CPTPP: Landmark Asia-Pacific trade agreement signed

Global Business

(L-R) Singapore’s Minister for Trade and Industry Lim Hng Kiang, New Zealand’s Minister for Trade and Export Growth David Parker, Malaysia’s Minister for Trade and Industry Datuk J. Jayasiri, Canada’s International Trade Minister Francois-Phillippe Champagne, Australia’s Trade Minister Steven Ciobo, Chile’s Foreign Minister Heraldo Munoz, Brunei’s Acting Minister for Foreign Affairs Erywan Dato Pehin, Japan’s Minister of Economic Revitalization Toshimitsu Motegi, Mexico’s Secretary of Economy Ildefonso Guajardo Villarreal, Peru’s Minister of Foreign Trade and Tourism Eduardo Ferreyros Kuppers and Vietnam’s Industry and Trade Minister Tran Tuan Anh pose for an official picture after signing the rebranded 11-nation Pacific trade pact Comprehensive and Progressive Agreement for Trans-Pacific Partnership (CPTPP) in Santiago, on March 8, 2018. A slimmed-down trade pact signed on Thursday will allow eleven Asia-Pacific nations to push forward with economic integration in the face of greater US protectionism, even if the new deal will offer less benefits than originally hoped. ( AFP PHOTO / CLAUDIO REYES)

While in the north, trade barriers are going up, in South America on Thursday, 11 Pacific Rim countries committed to pulling them down, finally agreeing on a major free trade agreement.

CGTN’s Joel Richards reports.

“TPP 11 is a historic achievement which creates free and fair rules of the 21st century in the Asia Pacific region,” Japan’s Economy Minister, Toshimitsu Motegi,  during the presentation said.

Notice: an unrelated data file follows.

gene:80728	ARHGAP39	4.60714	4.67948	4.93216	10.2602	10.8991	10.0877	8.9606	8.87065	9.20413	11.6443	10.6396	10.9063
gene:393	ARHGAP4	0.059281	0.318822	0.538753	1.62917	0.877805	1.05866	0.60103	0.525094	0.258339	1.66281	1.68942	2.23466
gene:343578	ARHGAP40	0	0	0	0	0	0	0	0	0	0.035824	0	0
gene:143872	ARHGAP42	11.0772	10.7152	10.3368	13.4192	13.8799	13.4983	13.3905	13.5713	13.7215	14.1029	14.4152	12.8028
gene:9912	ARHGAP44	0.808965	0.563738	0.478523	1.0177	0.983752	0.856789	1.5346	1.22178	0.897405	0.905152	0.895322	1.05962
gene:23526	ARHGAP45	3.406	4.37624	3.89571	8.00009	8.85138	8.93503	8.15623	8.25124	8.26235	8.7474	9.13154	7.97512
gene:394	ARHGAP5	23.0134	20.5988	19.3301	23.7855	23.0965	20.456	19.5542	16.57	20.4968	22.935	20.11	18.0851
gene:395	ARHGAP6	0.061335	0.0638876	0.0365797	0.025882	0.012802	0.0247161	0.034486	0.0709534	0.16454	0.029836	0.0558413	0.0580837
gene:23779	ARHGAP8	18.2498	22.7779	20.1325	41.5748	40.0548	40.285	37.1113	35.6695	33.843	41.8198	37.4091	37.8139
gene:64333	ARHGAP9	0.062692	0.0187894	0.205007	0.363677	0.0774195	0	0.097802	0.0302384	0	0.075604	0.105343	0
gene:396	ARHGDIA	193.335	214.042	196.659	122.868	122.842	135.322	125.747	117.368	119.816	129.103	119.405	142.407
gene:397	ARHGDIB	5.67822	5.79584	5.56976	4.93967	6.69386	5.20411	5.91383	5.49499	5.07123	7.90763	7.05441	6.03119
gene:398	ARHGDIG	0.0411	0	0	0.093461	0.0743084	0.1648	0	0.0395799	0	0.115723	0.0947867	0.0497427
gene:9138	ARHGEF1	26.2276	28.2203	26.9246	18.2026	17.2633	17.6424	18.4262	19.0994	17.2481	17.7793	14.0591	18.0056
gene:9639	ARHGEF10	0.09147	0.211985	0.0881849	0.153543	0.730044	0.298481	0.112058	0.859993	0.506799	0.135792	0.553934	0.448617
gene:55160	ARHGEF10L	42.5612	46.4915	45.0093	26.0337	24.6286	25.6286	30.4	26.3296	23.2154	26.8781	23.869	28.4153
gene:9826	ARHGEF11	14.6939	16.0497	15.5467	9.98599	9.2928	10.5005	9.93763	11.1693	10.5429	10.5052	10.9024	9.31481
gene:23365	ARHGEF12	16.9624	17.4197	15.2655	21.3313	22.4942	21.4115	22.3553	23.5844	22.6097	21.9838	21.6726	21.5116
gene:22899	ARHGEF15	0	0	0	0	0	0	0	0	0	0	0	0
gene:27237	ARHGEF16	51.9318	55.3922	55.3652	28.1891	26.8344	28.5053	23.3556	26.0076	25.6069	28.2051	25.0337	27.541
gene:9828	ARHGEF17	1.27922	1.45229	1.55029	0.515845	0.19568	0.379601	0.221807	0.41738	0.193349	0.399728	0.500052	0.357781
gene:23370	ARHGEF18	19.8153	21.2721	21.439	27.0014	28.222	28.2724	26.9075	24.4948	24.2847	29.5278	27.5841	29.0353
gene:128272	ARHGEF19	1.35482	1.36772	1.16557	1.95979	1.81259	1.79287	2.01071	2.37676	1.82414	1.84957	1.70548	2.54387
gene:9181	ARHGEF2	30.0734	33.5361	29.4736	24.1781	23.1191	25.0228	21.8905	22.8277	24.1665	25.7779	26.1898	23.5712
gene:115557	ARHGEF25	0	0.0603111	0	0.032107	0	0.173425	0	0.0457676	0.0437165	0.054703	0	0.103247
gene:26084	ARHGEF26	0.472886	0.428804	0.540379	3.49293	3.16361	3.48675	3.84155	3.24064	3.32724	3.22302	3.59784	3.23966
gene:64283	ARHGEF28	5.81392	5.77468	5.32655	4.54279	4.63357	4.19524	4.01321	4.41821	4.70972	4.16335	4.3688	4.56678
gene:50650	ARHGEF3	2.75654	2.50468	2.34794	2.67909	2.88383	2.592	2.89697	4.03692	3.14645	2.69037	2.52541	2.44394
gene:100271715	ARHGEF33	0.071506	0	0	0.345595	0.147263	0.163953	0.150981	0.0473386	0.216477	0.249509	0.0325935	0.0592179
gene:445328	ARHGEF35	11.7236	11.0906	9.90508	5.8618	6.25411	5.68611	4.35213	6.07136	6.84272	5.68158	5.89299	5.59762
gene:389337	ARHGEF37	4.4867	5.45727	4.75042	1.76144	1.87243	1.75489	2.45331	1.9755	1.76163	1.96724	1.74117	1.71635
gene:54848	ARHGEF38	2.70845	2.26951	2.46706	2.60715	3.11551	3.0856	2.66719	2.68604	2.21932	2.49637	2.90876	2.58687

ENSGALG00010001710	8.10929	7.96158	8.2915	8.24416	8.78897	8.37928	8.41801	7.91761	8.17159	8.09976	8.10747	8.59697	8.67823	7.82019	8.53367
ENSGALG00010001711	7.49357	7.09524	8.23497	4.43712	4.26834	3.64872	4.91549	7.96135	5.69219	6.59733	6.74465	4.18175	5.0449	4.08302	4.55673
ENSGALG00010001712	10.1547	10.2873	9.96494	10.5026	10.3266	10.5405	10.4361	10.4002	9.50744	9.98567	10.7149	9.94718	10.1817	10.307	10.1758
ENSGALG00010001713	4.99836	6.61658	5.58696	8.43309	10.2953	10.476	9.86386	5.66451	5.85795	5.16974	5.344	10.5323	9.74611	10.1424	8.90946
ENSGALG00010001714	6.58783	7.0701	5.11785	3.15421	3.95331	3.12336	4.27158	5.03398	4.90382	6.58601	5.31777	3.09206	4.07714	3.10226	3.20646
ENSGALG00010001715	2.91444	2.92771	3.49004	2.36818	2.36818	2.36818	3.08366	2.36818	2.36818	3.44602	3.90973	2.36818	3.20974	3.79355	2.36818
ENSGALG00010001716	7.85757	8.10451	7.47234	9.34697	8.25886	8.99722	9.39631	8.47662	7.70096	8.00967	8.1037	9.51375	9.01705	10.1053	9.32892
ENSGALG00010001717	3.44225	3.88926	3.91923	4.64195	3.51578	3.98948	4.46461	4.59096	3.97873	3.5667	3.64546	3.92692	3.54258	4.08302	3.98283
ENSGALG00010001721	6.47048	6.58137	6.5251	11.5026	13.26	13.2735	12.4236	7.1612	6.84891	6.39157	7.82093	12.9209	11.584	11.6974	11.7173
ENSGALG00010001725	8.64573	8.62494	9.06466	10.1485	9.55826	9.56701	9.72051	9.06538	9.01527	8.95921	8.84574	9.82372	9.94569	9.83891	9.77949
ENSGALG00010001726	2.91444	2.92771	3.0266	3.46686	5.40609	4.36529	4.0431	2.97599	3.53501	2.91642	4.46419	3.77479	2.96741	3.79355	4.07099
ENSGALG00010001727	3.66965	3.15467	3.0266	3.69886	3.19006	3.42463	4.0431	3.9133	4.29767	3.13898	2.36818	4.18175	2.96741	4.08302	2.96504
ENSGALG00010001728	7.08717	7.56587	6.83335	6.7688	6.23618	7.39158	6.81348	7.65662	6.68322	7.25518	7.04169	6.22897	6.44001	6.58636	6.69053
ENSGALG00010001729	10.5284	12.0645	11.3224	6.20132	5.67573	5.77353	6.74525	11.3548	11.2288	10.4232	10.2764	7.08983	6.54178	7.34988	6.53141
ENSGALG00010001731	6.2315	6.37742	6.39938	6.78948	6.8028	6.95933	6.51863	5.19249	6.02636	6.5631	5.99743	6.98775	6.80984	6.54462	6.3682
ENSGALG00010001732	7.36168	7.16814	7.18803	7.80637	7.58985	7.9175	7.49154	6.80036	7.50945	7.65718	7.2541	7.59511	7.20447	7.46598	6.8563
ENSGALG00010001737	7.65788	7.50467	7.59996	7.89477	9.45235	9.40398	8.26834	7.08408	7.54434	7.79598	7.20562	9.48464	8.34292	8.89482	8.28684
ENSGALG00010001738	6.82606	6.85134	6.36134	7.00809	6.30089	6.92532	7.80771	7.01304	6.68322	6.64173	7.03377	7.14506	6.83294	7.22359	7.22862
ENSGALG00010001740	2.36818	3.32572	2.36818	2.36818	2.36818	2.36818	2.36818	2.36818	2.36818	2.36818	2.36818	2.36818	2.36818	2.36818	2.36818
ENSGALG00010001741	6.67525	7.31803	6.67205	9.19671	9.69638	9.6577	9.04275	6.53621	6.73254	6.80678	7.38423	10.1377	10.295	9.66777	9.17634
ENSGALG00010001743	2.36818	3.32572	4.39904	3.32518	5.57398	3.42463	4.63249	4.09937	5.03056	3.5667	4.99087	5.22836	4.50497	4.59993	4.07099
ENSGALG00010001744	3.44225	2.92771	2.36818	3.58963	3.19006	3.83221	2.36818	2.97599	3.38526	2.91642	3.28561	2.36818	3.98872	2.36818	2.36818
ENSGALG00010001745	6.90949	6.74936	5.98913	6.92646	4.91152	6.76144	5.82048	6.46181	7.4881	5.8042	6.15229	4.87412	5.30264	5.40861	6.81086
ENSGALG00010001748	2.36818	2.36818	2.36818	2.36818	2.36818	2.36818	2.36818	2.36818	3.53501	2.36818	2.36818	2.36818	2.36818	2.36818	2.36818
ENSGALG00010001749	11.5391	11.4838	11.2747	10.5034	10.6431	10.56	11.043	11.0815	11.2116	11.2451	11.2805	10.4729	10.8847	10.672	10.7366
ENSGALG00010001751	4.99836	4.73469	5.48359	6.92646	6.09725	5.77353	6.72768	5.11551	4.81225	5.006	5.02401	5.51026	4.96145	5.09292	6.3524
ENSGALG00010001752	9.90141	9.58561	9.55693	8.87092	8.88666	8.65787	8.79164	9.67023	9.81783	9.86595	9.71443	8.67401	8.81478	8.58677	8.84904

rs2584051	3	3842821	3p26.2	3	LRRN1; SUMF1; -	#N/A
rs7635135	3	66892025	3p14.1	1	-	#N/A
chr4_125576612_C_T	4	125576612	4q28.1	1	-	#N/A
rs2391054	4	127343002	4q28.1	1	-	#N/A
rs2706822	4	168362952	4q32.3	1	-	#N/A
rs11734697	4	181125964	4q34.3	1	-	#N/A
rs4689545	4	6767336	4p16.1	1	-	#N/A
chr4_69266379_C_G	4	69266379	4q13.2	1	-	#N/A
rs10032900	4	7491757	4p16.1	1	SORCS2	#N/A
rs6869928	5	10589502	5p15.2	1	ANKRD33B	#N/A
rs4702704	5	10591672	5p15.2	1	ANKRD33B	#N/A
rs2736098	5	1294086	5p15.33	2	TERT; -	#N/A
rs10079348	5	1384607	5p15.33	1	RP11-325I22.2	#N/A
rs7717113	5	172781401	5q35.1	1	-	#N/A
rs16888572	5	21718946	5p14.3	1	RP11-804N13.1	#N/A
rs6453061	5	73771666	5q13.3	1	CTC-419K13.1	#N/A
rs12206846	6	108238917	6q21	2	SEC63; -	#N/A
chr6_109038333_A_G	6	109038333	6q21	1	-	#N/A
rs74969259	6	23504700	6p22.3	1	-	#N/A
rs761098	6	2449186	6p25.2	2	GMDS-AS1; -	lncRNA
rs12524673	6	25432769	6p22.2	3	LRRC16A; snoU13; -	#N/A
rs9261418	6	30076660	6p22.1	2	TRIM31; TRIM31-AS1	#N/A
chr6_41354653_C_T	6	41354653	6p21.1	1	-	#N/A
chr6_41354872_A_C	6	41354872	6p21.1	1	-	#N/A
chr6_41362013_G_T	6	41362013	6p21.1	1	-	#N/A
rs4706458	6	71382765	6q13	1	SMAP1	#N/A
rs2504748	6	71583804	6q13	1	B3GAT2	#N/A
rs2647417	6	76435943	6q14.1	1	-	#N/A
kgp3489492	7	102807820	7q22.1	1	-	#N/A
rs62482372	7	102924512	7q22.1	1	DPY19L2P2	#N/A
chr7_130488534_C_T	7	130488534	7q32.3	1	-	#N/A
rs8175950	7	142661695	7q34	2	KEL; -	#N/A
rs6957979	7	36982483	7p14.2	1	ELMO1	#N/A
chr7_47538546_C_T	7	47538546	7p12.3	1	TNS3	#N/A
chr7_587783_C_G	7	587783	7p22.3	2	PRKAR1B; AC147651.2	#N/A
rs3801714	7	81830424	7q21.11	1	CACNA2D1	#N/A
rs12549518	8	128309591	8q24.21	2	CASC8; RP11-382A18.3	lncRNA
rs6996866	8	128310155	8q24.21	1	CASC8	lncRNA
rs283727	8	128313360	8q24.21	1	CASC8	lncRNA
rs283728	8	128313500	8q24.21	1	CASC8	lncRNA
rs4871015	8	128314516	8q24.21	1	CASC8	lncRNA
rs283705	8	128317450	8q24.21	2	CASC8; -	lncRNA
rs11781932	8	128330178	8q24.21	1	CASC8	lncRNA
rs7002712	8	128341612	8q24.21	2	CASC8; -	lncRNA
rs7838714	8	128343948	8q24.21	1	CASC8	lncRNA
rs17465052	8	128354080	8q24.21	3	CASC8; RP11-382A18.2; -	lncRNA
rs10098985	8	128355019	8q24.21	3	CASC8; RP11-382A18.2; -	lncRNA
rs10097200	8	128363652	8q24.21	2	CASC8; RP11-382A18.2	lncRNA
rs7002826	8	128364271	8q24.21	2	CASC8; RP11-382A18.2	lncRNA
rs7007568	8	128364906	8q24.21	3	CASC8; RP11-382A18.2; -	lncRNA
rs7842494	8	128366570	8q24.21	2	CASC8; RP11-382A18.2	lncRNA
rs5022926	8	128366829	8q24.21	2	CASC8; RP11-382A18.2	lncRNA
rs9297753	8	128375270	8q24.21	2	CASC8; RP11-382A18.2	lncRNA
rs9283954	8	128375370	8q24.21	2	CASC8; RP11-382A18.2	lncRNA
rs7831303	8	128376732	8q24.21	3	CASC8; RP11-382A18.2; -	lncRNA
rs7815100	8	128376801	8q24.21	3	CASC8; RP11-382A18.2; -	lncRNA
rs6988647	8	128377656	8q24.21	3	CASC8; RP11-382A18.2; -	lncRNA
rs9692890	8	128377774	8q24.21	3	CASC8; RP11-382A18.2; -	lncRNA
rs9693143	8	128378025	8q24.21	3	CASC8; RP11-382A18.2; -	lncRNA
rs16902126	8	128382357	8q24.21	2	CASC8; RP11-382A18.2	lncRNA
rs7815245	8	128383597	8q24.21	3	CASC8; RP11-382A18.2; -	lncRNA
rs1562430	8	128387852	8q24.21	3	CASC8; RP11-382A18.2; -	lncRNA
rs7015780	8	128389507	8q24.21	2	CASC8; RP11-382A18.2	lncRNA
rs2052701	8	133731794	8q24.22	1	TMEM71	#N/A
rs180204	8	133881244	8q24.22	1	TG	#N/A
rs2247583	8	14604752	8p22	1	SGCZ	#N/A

Members of the reworked Trans-Pacific Partnership, better known as TPP 11,  stress this is designed to be an inclusive treaty that will benefit its people, and not only large corporations.

The agreement signed in Santiago, Chile, brings together countries with a combined population of 500 million , representing around 14 percent of world trade. But the original Trans- Pacific Partnership, which included the United States, would have brought together 40 percent.

In January, 2017, on just his third day as president, Donald Trump withdrew from the agreement, raising questions about the future and relevance of TPP.

Yet the remaining members pushed forward. For countries like Chile, one aspect of  this deal is boosting agricultural exports.

 The winery Casas del Bosque focuses on quality over quantity. Their wines are regularly voted among the best in Chile. Their largest export markets are China and the United States, but TPP will open up new markets.

Yet with a relatively small population, winery officials said Chile needs to look beyond its borders. With this new deal, the country could serve as a bridge for Asian countries and larger Latin American markets.

“Chile is a very good platform to base operation here and from here take it to another other main markets like Brazil, Peru, Argentina, which are bigger markets in terms of consumers,” Cristian Blanco of Casas del Bosque said.

Some analysts said this agreement, beyond just the economy, must be viewed in its geopolitcal context.

“TPP  is far reaching, when we talk about commerce, investment, intellectual property and services,” Lorena Oyarzun at the University of Chile said. “It has a direct effect not only on the economy, but also on labor, on the environment and on health issues.”

Many have criticized this trade agreement. There are fears of too much power in the hands of corporations… leading to lost jobs and industry.

The revised deal, which eliminates some requirements from the original TPP,  will go into effect two months after a majority of the signatories ratify the agreement. 

Joe Minarik on new Asia-Pacific trade pact

Eleven Pacific Rim countries signed the Comprehensive and Progressive Agreement for Trans-Pacific Partnership (CPTPP) trade pact. It replaces the Trans-Pacific Partnership (TPP). Joe Minarik is the Vice President and Director of Research, at the Committee for Economic Development. He discussed the deal and its significance with CGTN’s Mike Walter.